In the 19th century, Captain Thomas Spratt visited the caves at Gortyn while surveying Crete for a new map of the island for the British Admiralty. He described them as 'unquestionably a real labyrinth, such as the ancients understood by that term' and wondered if King Minos had kept Athenians prisoners there.
Robert Pashley, the 19th-century traveller, meanwhile regarded the Labyrinth as 'a work of the imagination' but kept faith with Knossos, despite the fact that it had 'dwindled down into this miserable hamlet'.
The location of Knossos had never been forgotten since coins of the city continued to be found there. The problem was that there was nothing to see there for those going in search of the Labyrinth.
The argument was finally resolved in 1878 by a local businessman named, appropriately enough, Minos Kalokairinos.
He had been inspired to dig at Knossos by the excavations of Heinrich Schliemann at Troy and Mycenae. There Schliemann had found archaeological treasures which seemed to link these places with their mythical past.
Digging on an area to the south of the Greek and Roman city, on the bare Kephala hill, Kalokairinos soon found the remains of a building with curious symbols carved on the walls. Given its apparent age, he regarded this as the palace of King Minos, but located the Labyrinth in a nearby cave at Ayia Irini. This too was an ancient quarry, and shows Kalokairinos’s faith in the later literary traditions.
Kalokairinos’s discovery rapidly attracted the attention of foreign archaeologists. They agreed that the building looked ancient but went a step further than Kalokairinos and identified it with the Labyrinth. William Stillman sent a report to the Archaeological Institute of America describing the building with its complicated corridors as the 'Daedalian Labyrinth'.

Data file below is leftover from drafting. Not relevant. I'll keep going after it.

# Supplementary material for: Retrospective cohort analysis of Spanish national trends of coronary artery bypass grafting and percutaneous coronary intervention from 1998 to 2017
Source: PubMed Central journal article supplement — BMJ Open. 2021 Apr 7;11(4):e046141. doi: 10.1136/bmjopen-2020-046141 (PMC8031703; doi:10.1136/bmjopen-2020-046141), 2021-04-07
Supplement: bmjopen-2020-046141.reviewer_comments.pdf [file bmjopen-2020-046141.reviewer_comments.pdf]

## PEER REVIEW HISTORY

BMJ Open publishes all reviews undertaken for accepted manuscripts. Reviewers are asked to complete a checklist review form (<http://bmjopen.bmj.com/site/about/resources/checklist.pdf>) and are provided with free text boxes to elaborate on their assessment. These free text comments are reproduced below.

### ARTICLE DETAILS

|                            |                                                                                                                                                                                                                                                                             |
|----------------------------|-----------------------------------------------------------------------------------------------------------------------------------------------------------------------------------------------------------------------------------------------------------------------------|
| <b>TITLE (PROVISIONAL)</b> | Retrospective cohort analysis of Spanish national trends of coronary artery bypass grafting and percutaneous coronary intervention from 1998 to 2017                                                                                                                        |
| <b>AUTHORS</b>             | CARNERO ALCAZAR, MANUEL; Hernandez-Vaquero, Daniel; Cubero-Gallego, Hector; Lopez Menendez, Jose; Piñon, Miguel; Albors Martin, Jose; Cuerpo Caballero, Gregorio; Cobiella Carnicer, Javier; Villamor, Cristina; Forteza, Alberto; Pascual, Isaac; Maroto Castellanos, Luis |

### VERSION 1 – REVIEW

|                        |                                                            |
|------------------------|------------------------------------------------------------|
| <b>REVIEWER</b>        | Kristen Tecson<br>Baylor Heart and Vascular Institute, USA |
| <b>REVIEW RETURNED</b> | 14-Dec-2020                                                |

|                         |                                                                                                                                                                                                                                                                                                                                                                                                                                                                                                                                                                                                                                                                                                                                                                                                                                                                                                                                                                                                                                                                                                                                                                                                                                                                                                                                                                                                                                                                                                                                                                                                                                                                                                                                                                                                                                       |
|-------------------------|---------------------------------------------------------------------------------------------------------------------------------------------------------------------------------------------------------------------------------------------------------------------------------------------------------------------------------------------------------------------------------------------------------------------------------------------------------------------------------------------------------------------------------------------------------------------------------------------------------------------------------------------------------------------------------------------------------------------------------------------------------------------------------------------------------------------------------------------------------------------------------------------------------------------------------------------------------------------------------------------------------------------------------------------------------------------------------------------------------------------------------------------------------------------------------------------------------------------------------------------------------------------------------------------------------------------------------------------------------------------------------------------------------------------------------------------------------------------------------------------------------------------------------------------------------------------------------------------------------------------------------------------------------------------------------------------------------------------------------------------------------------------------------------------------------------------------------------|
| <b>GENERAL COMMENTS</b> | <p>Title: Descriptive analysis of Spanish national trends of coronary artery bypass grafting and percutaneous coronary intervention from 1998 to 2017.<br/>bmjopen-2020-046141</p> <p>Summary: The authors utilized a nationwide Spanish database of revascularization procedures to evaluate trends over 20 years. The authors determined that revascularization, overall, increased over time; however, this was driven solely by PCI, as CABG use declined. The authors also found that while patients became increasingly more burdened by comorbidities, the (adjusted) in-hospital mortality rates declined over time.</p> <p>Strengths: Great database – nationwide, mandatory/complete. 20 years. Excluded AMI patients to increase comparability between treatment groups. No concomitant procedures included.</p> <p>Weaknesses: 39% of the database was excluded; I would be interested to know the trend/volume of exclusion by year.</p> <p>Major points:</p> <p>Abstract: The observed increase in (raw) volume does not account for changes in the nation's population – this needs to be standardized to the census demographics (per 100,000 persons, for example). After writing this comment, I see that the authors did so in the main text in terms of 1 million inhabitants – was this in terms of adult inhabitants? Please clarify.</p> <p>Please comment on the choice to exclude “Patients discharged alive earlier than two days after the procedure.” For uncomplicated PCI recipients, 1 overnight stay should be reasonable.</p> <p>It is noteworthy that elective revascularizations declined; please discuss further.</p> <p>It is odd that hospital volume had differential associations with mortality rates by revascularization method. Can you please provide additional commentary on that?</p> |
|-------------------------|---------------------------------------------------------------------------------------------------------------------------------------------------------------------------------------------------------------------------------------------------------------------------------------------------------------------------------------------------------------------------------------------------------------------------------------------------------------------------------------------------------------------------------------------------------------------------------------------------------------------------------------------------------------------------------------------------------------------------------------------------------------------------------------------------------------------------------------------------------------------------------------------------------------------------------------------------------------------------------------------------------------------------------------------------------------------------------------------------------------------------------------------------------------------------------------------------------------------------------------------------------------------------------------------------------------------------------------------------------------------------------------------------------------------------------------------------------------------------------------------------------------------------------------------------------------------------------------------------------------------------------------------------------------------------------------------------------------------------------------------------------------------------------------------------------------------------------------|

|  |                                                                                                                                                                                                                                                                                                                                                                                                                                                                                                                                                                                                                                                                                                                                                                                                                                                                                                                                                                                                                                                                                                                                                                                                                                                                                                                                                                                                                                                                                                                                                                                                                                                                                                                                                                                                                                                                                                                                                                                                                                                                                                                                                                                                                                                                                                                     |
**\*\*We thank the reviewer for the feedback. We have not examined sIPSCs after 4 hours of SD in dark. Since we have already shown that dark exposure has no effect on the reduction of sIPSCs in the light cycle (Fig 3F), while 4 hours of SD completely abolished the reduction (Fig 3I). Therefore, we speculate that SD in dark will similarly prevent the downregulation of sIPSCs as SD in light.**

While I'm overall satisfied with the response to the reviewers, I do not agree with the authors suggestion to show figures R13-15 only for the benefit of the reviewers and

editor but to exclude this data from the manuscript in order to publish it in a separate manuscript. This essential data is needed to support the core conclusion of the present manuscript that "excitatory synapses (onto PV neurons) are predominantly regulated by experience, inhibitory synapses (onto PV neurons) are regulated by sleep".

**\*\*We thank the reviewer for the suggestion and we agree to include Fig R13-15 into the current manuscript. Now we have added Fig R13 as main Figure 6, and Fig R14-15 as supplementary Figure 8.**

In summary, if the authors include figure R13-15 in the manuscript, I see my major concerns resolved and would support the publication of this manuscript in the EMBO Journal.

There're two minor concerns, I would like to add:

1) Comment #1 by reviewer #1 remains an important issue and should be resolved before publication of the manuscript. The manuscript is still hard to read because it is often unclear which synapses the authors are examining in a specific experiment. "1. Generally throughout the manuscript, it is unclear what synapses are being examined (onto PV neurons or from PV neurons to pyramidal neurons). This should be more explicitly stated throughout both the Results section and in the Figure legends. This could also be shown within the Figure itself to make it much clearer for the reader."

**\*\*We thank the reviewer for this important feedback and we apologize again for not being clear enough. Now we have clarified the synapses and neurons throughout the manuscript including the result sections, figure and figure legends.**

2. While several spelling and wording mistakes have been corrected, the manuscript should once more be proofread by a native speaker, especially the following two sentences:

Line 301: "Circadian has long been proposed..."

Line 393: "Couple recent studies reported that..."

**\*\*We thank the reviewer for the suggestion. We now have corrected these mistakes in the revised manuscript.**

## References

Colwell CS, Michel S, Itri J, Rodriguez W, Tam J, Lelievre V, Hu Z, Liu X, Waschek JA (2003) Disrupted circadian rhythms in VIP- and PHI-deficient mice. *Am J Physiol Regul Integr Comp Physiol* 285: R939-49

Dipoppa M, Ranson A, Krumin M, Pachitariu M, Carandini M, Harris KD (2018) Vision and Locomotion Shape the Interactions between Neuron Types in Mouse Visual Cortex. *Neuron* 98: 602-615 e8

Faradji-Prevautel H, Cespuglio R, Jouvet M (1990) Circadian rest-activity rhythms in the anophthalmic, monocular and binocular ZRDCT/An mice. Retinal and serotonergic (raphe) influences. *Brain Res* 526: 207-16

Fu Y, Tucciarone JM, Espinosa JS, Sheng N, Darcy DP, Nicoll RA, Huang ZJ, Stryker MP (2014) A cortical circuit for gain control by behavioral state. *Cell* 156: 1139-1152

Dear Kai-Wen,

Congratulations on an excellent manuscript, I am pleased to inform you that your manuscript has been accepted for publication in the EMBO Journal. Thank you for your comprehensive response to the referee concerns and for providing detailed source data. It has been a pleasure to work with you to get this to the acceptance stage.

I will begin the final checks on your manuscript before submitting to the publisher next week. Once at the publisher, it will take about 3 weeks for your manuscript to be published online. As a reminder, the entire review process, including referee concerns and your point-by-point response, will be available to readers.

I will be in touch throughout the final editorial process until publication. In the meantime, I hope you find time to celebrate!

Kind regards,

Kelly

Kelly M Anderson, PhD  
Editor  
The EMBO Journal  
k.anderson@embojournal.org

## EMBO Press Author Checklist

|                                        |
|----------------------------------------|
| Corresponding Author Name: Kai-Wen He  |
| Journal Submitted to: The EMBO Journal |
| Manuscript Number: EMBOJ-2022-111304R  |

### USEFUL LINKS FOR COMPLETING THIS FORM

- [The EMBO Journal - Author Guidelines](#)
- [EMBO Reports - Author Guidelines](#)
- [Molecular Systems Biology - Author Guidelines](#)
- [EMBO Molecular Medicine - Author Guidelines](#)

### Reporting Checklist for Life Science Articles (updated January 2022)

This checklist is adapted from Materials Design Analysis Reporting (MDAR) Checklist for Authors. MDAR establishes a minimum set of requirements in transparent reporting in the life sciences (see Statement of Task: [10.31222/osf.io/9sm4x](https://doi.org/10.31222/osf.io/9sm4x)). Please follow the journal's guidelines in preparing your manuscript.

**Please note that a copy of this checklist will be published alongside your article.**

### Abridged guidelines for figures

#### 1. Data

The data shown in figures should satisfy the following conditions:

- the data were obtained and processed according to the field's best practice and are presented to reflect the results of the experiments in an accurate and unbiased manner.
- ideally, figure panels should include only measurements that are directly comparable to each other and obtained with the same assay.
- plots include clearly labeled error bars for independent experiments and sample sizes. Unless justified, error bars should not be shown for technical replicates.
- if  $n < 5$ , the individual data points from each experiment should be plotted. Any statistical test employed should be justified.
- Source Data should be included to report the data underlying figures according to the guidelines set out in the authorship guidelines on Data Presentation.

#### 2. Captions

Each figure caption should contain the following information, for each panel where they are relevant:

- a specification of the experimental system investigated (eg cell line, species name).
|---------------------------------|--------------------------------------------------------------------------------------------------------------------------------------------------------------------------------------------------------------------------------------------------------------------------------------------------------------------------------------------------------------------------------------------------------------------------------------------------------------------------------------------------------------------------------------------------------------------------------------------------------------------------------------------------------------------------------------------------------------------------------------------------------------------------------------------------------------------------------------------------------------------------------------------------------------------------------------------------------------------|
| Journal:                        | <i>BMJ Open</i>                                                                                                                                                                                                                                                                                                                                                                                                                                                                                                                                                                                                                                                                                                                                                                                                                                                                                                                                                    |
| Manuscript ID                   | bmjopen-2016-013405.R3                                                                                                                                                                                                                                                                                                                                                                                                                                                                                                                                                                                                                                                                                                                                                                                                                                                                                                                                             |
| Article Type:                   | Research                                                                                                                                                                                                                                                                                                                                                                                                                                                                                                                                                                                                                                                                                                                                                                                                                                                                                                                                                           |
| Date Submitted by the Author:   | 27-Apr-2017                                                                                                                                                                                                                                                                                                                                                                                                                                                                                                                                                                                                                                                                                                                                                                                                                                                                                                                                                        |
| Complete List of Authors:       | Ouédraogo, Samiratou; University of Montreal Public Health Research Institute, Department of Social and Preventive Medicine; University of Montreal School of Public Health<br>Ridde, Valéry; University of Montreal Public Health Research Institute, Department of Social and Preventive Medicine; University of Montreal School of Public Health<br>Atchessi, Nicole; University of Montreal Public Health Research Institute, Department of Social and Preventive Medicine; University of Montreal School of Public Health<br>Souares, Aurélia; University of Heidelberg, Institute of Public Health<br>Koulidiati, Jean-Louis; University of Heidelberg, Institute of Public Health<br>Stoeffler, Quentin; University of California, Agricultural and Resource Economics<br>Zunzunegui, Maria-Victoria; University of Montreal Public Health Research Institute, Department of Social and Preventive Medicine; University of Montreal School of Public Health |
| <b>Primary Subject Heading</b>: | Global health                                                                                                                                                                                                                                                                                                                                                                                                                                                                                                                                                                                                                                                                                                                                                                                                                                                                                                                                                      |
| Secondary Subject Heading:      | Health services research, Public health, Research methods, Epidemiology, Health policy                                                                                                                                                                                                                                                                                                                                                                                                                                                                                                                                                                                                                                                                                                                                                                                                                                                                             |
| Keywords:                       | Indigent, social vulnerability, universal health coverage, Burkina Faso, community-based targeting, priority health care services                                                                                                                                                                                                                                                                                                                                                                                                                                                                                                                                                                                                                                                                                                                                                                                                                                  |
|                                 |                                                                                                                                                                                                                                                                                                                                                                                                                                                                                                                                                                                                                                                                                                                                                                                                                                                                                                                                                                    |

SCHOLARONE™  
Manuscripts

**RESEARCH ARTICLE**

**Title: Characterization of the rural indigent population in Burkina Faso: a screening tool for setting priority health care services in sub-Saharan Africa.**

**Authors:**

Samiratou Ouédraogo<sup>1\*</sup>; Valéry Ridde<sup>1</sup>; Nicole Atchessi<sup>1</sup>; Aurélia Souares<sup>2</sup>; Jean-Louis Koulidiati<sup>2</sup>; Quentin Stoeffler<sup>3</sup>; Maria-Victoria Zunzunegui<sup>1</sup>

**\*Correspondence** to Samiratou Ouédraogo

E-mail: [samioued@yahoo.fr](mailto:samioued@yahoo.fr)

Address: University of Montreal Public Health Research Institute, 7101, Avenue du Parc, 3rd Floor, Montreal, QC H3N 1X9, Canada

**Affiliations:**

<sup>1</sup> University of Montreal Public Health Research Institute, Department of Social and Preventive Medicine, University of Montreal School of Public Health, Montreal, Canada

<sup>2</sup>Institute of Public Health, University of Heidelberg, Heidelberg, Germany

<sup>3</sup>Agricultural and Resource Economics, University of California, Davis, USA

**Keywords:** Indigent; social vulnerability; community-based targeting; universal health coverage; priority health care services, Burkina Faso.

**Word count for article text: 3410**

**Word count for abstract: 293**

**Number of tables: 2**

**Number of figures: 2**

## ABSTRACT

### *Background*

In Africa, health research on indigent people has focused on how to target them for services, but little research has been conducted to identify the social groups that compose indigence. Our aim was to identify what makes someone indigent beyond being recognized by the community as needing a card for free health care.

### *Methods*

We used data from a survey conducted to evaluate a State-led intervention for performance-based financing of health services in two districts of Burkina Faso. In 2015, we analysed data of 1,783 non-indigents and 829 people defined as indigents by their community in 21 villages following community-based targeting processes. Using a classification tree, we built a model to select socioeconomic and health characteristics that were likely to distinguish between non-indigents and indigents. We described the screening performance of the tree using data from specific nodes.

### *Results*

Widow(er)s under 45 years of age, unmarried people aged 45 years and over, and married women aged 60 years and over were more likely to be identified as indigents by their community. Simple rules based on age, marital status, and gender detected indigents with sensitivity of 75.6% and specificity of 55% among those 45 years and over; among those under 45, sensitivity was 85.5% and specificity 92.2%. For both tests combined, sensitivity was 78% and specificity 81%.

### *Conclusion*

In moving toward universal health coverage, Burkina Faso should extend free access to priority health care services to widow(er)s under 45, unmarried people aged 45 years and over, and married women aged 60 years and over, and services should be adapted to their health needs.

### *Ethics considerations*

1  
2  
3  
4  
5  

Kalokairinos had been forced to stop his excavations by the Cretan authorities because at that time Crete was part of the Ottoman Empire and it was feared that his finds would be removed to the museum at Constantinople.
When Arthur Evans visited Knossos in March 1894, he was shown round the excavations by Kalokairinos and wrote in his diary, 'I see no reason for not thinking that the mysterious complication of passages is the Labyrinth'.
He was fascinated by the symbols carved on the walls, including a sign in the shape of a double axe. By purchasing a part of the land and waiting until Cretan Independence, Evans was able to establish the rights to excavate.
Evans uncovered the rest of the labyrinthine building he called ‘the Palace of Minos’ between 1900 and 1904.
A number of discoveries convinced him that this was indeed the Labyrinth including frescoes of people leaping over bulls which echoed the myth of the Minotaur.
He found further carvings of double axes and suggested that since an ancient name for this symbol was ‘labrys’, labyrinth must mean ‘House of the Double Axes’.
In other words, the Palace at Knossos and the Cretan Labyrinth were one and the same.
Almost immediately, Evans and his team set about restoring, and then rebuilding, this Bronze Age building, now thought to have existed from 2000–1350 BCE.
Some of the later ‘reconstitutions’ as he called them, used reinforced concrete to promote his theories. The reconstructed bull fresco at the North Entrance, he suggested, had continued to stand even after the Palace had been destroyed, inspiring the myth of the Minotaur and the Labyrinth.
Among those inspired by Evans’s reconstructions have been the designers of the game Assassin’s Creed Odyssey. Their version of the Palace of Minos, with its underground labyrinth, is the latest retelling of the myth in the exhibition Labyrinth: Knossos, Myth and Reality.
By bringing the game together with Greek vases, early modern maps and Bronze Age finds from Knossos, the exhibition shows how the myth of the Labyrinth continues to develop.